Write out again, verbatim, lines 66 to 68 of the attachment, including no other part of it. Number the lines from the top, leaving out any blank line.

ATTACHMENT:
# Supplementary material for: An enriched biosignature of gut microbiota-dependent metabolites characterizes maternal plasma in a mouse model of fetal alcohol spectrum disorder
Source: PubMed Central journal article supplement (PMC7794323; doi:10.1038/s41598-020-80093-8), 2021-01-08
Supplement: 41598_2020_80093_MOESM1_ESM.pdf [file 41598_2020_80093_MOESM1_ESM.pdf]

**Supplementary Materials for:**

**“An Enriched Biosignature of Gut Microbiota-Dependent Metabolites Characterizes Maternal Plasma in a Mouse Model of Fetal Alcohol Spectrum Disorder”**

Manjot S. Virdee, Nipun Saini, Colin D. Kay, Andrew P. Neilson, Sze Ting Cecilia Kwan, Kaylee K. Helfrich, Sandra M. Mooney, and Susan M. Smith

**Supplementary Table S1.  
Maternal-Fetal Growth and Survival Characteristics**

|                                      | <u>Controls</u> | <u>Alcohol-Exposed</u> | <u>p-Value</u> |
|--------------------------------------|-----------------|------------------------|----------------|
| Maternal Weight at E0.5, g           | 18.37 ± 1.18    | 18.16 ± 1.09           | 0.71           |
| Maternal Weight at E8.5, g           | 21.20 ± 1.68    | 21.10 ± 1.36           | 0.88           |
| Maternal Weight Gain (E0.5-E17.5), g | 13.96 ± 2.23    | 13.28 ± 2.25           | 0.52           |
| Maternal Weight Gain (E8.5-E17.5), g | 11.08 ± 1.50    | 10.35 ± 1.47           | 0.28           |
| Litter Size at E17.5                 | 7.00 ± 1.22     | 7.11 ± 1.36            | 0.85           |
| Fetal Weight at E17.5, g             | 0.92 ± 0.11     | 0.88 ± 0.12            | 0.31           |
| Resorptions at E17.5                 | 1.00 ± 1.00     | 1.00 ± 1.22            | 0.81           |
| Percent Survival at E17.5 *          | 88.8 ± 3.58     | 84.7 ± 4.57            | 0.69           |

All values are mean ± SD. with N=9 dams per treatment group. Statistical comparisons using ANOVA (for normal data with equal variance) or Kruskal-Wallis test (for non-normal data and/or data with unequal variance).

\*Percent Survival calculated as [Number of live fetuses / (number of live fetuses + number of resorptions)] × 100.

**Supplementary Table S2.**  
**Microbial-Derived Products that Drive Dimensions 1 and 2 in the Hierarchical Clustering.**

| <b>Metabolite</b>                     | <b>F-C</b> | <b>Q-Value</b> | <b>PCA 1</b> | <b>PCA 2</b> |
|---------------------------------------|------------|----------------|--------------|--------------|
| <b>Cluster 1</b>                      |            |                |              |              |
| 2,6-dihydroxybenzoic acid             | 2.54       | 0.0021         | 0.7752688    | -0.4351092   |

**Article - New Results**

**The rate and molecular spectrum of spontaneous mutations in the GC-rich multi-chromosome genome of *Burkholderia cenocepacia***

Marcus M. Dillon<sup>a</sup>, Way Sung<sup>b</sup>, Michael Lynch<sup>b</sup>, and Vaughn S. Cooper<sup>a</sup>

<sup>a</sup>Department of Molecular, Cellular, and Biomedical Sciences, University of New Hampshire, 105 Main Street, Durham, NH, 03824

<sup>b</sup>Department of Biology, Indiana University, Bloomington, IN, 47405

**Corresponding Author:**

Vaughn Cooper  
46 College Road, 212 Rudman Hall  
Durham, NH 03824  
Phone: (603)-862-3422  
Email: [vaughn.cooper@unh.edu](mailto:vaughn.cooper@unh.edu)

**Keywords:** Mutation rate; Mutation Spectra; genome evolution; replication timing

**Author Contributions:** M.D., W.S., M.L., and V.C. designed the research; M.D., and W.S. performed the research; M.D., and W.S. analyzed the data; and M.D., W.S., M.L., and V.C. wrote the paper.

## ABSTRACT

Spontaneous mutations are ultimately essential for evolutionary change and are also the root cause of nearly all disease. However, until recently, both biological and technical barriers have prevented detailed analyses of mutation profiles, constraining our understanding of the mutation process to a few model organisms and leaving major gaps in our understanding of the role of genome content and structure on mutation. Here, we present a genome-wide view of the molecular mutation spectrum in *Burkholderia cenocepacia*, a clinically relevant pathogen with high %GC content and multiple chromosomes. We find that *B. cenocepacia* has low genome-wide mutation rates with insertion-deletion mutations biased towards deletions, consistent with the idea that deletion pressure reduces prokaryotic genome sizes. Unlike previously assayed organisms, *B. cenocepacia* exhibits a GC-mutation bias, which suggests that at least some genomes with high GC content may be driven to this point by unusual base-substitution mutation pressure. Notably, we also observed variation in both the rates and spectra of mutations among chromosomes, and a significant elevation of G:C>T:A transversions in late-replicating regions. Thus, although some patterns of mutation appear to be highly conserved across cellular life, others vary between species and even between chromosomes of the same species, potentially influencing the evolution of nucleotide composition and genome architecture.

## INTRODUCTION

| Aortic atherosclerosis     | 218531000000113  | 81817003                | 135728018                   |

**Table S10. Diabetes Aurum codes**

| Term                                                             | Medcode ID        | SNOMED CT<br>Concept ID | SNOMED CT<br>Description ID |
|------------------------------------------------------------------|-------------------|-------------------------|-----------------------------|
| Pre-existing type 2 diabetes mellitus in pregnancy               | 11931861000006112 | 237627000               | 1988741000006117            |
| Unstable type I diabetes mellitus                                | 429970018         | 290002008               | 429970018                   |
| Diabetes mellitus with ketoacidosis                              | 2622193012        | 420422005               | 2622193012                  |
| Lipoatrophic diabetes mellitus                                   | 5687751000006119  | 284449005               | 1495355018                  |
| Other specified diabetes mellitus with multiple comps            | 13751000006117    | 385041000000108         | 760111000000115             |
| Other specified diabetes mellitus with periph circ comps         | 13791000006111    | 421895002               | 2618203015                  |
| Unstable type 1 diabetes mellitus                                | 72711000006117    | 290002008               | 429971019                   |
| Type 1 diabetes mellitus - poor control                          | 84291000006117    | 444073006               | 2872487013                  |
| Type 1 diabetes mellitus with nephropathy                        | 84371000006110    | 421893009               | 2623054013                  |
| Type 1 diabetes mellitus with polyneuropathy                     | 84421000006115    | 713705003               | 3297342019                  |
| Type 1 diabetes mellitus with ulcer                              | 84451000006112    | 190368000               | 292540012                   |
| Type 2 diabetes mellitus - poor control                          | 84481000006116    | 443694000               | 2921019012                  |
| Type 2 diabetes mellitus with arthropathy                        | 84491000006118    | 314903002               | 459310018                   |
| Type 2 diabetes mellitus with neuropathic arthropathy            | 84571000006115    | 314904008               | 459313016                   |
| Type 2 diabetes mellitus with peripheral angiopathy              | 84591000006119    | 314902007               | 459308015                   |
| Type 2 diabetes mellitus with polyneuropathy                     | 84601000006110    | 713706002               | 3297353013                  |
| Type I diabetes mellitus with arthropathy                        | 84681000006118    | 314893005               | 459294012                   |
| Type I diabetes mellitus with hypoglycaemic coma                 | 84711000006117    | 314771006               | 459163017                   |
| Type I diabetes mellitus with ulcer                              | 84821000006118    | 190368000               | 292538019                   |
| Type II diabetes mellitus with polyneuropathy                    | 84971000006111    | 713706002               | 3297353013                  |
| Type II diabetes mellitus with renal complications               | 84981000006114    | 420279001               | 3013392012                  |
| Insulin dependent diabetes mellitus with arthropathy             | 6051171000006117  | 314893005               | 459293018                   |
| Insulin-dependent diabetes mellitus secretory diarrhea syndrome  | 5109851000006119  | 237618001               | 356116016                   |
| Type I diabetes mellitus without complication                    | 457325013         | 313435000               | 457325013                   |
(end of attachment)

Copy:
| Type II diabetes mellitus with polyneuropathy                    | 84971000006111    | 713706002               | 3297353013                  |
| Type II diabetes mellitus with renal complications               | 84981000006114    | 420279001               | 3013392012                  |
| Insulin dependent diabetes mellitus with arthropathy             | 6051171000006117  | 314893005               | 459293018                   |